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This Is Happening: An Odd Future for Music

Written by Anthony Hess on January 25, 2012

For those of you who haven’t quite picked up on the subtlety of this blog title, this post is inspired by the wildly outlandish, energetic, charismatic, highly intellectual, yet profane and generally offensive, hip-hop collective, Odd Future Wolf Gang Kill Them All / OFWGKTA / Odd Future.

Having just seen them take over in the Enmore Theatre as part of their Big Day Out Sydney sideshow, it needs to be said that this show was like no other. With seven members on stage at anytime, they danced and thrashed about, never stealing the spotlight from one another but working as a solid unit while standing out as individuals.

With a full hour and a half set, rife with stage diving, goose-stepping and the occasional stage invasion which was met with a hostile return (to be fair, the band warned the crowd, they had no qualms “fucking people’s shit up”), it was a set that you wouldn’t want to miss…unless of course you are easily offended. Then I suggest you steer clear of anything Odd Future related.

But by the end of it, what really stood out to me was the way the group operated, not just on the stage but off. As a hip-hop collective, they are able to release music as a group and as individual artists under their own label, Odd Future Records, which they started last year. The highly prolific and often controversial “front man”/Twitter-bug, Tyler the Creator, has also just signed to XL Recordings who release his music through licensing from the group themselves.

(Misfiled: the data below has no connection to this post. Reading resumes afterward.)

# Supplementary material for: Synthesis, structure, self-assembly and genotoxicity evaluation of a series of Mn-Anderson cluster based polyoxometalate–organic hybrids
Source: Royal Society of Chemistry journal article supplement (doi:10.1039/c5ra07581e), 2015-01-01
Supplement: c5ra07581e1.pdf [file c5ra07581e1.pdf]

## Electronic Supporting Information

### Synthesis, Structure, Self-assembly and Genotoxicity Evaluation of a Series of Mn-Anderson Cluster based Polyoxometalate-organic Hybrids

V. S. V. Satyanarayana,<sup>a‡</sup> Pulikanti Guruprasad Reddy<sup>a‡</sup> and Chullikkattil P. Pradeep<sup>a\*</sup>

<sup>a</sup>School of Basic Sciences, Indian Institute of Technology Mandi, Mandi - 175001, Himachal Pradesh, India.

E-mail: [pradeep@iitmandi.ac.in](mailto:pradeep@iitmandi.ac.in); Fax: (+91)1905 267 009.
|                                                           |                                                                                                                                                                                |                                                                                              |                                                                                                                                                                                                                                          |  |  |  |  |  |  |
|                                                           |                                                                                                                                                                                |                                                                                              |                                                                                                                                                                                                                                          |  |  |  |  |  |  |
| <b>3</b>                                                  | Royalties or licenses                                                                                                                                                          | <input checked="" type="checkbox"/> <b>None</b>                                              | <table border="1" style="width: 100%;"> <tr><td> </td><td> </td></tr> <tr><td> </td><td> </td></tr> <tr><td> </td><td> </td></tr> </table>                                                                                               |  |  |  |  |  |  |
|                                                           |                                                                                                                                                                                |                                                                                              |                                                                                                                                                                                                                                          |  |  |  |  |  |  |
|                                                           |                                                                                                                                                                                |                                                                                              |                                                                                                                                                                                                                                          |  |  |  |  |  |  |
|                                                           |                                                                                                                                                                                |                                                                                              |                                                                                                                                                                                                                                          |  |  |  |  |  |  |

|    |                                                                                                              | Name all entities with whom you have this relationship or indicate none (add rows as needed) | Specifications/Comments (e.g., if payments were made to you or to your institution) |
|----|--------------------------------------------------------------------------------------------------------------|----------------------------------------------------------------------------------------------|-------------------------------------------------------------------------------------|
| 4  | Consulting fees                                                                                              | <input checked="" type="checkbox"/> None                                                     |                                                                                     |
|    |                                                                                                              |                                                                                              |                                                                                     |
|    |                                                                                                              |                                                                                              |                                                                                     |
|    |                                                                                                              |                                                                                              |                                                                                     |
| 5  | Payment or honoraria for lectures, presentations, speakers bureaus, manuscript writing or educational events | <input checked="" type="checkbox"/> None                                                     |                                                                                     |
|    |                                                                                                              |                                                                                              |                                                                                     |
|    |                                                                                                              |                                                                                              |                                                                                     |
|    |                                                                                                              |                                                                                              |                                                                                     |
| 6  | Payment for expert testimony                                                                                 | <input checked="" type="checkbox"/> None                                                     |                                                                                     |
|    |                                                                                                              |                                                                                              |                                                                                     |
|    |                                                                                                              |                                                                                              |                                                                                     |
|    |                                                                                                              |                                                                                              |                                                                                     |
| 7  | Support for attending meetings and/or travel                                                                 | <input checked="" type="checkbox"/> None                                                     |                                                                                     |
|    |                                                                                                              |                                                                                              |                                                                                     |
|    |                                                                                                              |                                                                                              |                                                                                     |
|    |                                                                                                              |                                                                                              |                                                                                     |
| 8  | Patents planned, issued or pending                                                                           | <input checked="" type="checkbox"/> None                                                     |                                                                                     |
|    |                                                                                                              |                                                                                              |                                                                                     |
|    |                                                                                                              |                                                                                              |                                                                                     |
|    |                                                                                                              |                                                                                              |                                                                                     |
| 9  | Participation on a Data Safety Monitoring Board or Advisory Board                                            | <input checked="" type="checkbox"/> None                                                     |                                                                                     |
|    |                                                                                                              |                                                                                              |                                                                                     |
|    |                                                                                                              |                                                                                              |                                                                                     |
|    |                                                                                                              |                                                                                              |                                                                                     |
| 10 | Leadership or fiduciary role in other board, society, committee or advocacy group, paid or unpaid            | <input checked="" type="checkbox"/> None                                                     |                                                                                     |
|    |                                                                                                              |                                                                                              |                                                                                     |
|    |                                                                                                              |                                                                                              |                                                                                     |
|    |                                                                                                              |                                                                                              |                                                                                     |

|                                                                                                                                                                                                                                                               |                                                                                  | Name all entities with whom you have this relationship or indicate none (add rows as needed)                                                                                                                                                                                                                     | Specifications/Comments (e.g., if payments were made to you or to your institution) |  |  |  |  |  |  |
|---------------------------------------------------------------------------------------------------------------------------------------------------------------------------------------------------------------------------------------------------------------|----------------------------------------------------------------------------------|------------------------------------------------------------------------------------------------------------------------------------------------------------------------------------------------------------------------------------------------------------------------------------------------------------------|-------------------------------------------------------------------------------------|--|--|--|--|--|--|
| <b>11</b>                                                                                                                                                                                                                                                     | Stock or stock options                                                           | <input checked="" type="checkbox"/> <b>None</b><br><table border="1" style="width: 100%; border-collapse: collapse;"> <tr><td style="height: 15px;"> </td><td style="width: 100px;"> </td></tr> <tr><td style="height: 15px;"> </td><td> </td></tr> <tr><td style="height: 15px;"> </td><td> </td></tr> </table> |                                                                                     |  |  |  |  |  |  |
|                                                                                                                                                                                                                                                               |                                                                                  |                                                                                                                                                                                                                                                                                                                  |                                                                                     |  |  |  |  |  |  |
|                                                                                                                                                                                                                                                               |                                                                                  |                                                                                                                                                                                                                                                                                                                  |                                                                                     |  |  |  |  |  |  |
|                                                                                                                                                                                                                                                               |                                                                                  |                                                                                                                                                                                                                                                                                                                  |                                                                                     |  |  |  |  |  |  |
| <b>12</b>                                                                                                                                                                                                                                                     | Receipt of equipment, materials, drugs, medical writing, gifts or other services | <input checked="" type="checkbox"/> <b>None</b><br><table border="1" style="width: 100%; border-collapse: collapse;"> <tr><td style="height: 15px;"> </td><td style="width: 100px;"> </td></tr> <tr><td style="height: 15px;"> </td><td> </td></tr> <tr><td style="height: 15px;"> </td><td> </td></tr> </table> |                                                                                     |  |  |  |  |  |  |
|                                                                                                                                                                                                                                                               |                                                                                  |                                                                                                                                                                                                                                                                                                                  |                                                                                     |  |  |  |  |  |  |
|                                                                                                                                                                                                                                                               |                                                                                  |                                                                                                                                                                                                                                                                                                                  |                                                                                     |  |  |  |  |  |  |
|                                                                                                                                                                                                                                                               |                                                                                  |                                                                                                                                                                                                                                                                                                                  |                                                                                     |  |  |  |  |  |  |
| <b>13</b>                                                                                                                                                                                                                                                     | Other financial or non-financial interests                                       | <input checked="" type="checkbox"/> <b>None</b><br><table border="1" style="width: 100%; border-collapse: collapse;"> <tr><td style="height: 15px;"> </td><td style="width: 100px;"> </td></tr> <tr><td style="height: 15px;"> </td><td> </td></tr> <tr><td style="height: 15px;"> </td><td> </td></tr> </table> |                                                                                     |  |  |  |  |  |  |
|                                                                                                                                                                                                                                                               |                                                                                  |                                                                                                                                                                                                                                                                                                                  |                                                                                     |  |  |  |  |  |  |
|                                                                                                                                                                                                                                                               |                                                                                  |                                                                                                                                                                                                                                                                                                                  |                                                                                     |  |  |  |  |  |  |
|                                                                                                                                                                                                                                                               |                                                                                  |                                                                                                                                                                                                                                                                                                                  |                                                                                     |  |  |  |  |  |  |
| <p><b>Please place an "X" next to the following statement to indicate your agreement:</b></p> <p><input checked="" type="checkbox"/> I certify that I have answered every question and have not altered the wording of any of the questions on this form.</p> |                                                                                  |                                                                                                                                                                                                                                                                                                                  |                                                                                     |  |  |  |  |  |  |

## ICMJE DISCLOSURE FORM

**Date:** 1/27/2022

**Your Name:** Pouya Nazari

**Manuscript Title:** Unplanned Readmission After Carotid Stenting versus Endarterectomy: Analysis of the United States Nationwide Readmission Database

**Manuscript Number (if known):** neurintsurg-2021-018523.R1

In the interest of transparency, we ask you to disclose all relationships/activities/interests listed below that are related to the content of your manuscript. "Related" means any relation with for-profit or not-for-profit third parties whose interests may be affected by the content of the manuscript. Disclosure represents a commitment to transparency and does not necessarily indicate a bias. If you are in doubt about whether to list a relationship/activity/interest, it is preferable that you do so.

Between nine regular artists, there have been 25 releases from the band, including LP’s, EP’s, digital albums and mix tapes, over a period of five years.  They have toured extensively and because of the large collaborative effect, there are groups within the group, featuring specific members rather than individuals or the whole group.  As a result, there is endless potential of what can be released from this group and how it can be released. Every show is a promotion of 25 albums, and at the show, every single song got the crowd screaming as if that was the ONE song they came to hear, but it wasn’t MGMT, so this didn’t just happen with the encore.

Odd Future have taken the basic idea of Josh Homme’s Desert Sessions and turned it into a viable, lucrative and dominating steam train in the music industry. The cult following behind Odd Future has resulted in members of the band being arrested for over excited behaviour at shows, riots during and/or following a performance as well as a pop up shop being set up on Oxford Street for five days, selling Odd Future products exclusively.

Maybe it is their music, maybe it is their live show, maybe it is their “fuck the world” attitude that is unavoidably in your face, or maybe it is all of these things but if you look closely, you might just be looking the future model of the music industry.

Chances are, this is a one off thing, which is what makes Odd Future so special but there is a lot to be said for what they’ve done, what they are doing and what they are sure to do.

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